Golf and Philosophy

Golf and Philosophy: Lessons from the Links

Edited by Andy Wible
Copyright Date: 2010
Pages: 264
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  • Book Info
    Golf and Philosophy
    Book Description:

    In a game where players are expected to call their own penalties and scoring the least points leads to victory, decorum takes precedence over showmanship and philosophical questions become par for the course. Few other sports are as suited for ethical and metaphysical examination as golf. It is a game defined by dichotomies -- relaxing, yet frustrating, social, yet solitary -- and between these extremes there is room for much philosophical inquiry.

    In Golf and Philosophy: Lessons from the Links, a clubhouse full of skilled contributors tee off on a range of philosophical topics within the framework of the fairway. The book's chapters are arranged in the style of an eighteen-hole golf course, with the front nine exploring ethical matters of rationality and social civility in a world of moral hazards and roughs. The back nine pries even deeper, slicing into matters of the metaphysical, including chapters on mysticism, idealism, identity, and meaning.

    Taken together, the collection examines the intellectual nature of this beloved pastime, considering the many nuances of a sport that requires high levels of concentration, patience, and consistency, as well as upstanding moral character. Golf and Philosophy celebrates the joys and complexities of the game, demonstrating that golf has much to teach both its spectators and participants about modern life.

    eISBN: 978-0-8131-7388-7
    Subjects: Philosophy

Table of Contents

  1. Front Matter
    (pp. i-iv)
  2. Table of Contents
    (pp. v-vi)
  3. Acknowledgments
    (pp. vii-viii)
  4. INTRODUCTION: Warm-up
    (pp. 1-4)

    A frequent comment about the eternal issues of philosophy is that everything is a footnote to the ancient philosophers Plato and Aristotle. Subsequent philosophers are simply clarifying and expanding their comprehensive consideration of the ultimate questions of humanity. So why write a book about golf and philosophy? Plato and Aristotle never played golf, so what is there to discuss? The short answer is that if Plato and Aristotle were alive today, they probably would be avid golfers. For at least a few hours a day, they’d change their togas and sandals for knickers and spiked sandals. Lovers of wisdom and...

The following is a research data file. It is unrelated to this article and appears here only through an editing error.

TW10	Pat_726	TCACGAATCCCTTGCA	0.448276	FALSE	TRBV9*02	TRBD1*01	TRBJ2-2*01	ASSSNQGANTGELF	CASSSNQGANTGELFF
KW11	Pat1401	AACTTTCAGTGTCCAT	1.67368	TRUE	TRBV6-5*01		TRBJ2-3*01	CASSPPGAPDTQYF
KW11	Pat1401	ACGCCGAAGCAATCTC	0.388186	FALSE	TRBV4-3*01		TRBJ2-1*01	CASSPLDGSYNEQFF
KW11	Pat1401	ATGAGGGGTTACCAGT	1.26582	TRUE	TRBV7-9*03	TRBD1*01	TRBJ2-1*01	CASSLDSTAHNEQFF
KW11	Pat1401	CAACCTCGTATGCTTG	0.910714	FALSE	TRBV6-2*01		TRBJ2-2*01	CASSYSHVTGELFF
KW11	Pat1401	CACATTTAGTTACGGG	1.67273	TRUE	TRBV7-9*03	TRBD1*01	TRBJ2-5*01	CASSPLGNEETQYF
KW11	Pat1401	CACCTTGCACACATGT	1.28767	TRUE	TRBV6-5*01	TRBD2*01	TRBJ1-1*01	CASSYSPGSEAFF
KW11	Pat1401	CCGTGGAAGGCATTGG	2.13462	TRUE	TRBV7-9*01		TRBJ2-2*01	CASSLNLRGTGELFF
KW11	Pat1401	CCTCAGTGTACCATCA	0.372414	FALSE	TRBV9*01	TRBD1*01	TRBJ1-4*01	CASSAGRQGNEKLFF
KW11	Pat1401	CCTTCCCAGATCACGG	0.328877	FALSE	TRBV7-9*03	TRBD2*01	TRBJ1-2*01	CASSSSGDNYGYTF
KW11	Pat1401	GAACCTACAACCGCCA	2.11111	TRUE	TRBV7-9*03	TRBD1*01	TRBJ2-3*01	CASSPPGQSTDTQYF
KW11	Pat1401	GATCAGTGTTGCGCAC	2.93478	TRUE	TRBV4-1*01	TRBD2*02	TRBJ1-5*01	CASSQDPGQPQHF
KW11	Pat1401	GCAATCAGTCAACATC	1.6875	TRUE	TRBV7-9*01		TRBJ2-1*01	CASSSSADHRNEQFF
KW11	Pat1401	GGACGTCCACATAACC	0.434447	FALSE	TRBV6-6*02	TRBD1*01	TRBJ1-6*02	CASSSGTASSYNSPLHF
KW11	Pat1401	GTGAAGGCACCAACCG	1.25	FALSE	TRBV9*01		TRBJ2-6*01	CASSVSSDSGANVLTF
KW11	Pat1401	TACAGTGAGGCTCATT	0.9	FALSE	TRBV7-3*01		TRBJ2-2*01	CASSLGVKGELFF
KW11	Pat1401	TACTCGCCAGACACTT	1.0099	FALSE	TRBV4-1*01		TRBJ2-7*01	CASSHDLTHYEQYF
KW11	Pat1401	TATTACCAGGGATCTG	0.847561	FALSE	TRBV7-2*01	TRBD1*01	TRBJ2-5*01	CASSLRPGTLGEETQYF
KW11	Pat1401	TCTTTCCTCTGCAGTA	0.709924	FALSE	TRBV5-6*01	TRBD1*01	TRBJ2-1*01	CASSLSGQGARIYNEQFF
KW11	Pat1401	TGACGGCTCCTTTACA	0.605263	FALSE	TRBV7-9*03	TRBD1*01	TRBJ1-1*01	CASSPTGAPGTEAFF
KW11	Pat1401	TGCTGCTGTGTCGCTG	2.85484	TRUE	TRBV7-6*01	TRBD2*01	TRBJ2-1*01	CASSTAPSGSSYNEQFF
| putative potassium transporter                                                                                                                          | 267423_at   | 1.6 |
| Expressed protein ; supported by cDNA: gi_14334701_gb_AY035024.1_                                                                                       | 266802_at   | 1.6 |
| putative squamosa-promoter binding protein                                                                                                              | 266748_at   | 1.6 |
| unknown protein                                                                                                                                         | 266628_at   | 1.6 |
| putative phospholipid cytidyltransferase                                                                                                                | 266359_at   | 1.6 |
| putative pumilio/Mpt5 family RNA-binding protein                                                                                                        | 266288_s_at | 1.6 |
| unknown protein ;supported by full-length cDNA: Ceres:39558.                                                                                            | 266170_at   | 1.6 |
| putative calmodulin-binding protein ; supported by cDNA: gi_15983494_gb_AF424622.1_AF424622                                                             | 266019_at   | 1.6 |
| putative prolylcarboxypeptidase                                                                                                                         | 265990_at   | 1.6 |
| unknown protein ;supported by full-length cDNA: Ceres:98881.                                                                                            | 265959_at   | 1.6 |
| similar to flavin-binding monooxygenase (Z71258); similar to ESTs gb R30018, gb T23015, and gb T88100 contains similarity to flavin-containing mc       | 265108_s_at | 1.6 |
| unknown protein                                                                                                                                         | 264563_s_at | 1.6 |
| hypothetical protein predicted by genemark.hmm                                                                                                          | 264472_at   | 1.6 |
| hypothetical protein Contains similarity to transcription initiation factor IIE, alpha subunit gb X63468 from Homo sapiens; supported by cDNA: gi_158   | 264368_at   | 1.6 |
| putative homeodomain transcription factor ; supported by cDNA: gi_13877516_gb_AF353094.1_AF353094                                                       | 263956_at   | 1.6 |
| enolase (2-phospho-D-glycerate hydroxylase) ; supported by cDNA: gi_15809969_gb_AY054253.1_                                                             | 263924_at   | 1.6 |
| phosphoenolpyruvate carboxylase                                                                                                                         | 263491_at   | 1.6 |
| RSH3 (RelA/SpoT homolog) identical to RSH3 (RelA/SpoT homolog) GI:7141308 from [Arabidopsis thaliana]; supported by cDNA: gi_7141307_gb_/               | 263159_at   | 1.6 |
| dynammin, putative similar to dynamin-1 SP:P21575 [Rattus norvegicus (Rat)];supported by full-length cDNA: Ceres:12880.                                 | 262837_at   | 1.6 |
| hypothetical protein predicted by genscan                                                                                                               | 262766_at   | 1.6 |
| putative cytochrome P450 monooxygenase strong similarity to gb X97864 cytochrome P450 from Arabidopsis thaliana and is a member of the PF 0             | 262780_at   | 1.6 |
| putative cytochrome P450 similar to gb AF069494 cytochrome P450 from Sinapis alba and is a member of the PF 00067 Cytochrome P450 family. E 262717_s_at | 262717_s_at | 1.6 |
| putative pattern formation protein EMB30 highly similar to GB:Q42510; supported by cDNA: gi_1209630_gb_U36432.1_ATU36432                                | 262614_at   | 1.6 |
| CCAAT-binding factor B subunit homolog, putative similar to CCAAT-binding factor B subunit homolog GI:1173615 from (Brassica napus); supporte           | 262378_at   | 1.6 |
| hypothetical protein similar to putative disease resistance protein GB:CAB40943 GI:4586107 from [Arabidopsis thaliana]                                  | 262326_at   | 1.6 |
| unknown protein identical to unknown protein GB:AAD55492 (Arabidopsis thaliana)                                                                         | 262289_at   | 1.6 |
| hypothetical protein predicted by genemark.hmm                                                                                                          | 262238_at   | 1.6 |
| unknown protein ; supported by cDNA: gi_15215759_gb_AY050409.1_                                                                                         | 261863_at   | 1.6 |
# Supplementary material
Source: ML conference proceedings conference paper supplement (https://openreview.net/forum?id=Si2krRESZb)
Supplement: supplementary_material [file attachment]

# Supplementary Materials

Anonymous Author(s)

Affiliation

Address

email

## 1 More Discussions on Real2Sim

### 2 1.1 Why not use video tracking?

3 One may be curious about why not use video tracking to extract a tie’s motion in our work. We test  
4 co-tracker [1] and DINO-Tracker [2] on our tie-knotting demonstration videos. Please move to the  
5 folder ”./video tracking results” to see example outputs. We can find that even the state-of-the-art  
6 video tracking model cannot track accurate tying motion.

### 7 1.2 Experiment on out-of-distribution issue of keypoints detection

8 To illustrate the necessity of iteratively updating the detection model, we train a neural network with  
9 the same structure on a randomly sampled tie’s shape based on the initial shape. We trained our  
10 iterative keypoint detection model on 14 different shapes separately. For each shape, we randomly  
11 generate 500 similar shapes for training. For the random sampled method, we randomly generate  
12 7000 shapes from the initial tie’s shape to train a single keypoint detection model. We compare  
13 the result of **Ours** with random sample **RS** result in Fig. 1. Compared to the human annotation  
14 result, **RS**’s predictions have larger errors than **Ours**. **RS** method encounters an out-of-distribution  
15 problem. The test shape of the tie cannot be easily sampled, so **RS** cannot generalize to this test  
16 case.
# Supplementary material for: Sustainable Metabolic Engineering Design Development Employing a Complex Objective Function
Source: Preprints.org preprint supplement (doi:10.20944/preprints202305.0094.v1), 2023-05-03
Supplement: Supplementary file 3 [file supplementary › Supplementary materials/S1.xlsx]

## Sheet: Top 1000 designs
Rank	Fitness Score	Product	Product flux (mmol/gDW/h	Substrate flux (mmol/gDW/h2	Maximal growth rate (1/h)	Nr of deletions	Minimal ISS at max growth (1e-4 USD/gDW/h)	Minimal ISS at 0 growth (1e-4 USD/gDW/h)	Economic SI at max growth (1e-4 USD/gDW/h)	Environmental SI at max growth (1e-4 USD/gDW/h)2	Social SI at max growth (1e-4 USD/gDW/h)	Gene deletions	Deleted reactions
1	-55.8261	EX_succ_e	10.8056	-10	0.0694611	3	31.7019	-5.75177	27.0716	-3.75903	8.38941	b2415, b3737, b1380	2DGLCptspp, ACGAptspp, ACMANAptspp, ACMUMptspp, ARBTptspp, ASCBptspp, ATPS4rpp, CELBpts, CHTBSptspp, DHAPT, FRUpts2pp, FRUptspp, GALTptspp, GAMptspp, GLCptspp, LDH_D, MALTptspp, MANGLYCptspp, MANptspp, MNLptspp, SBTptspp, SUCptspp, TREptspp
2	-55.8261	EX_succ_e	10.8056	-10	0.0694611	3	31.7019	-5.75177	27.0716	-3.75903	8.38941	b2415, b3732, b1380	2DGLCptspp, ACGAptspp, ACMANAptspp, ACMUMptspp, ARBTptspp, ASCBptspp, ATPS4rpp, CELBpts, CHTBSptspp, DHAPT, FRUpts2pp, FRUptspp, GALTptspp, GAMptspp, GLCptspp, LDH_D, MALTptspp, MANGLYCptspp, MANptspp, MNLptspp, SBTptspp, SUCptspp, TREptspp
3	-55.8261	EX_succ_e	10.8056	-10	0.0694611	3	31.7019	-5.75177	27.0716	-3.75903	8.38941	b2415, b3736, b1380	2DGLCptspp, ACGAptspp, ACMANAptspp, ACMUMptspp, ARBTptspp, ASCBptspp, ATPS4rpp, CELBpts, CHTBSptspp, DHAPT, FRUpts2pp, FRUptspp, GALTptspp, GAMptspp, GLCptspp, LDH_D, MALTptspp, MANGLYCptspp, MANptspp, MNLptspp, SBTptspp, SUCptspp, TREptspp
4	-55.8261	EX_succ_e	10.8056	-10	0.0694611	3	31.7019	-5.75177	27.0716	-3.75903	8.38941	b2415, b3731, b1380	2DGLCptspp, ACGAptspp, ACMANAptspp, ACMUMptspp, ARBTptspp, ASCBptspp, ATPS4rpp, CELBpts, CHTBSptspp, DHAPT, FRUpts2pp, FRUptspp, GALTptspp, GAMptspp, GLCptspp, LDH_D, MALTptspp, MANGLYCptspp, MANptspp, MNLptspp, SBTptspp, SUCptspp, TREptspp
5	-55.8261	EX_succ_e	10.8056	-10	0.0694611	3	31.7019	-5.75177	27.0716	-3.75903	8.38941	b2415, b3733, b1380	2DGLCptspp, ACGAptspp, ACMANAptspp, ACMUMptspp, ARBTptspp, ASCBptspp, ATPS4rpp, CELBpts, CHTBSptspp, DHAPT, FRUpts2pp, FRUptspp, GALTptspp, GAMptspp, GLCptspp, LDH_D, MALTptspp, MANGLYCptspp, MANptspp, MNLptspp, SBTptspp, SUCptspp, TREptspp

5. The Front Nine
    • I. The Beauty of the Game
      • FIRST HOLE Golf and the Importance of Play
        (pp. 9-14)
        Al Gini

        The statistics are clear. Whether we want to or not, most of us work too much. Sure, we often talk about playing sports like golf, but as adults, there is nothing more we do with our lives than work. We will not sleep as much, spend as much time with our families and friends, eat as much, or recreate and rest as much as we will work. Don’t get me wrong; work is important. Our work gives access to salary, stuff, success, and a sense of identity. But just as we all need to work and fulfill ourselves, we also...

      • SECOND HOLE On the Beauty and Sublimity of Golf
        (pp. 15-30)
        Robert Fudge and Joseph Ulatowski

        Though golf does not require great stamina, the coordination involved in hitting a ball hundreds of yards to a small patch of grass is a testament to human evolution and perseverance. Indeed, given the difficulty of the game and the frustration it engenders, it is not surprising that large numbers of those who try the game quit within a relatively short time.¹ What, then, inspires so many to attempt the game in the first place and breeds such devotion in its long-term players? One reason, we suggest, has to do with the game’s aesthetic dimensions—that is, with the game’s...

    • II. Golf and Moral Character
      • THIRD HOLE Finding the (Fair)Way with Confucius and Ben Hogan
        (pp. 33-48)
        Stephen J. Laumakis

        Although it may not be obvious to the average hacker or first-year philosophy student, I think a persuasive case can be made that there is a useful and instructive analogy between the best golfer and his pursuit of excellence in the game of golf and the good human person and his pursuit of human flourishing. The key to the effectiveness of the analogy, however, is that we are talking about the reallybestgolfers and the trulybesthuman beings, because we all know from experience that there are as many ways to swing a golf club and play the...

      • FOURTH HOLE “Quiet … Please!”: Reflections on Golf and Civility
        (pp. 49-64)
        David L. McNaron

        If asked to name a civil sport or game, many people would no doubt choose golf. Civil people certainly play golf, yet does golf promote civility? I shall defend a qualified “yes” to the question. But as we shall see, answering the question is not as easy or straightforward as one might think. To make my case, I will offer an analysis of the concept of civility; clarify what it means to say that an activity promotes civility; resolve the apparent conflict between civility and competitiveness; argue against the conception of golf etiquette and civility as outdated or suspect; and...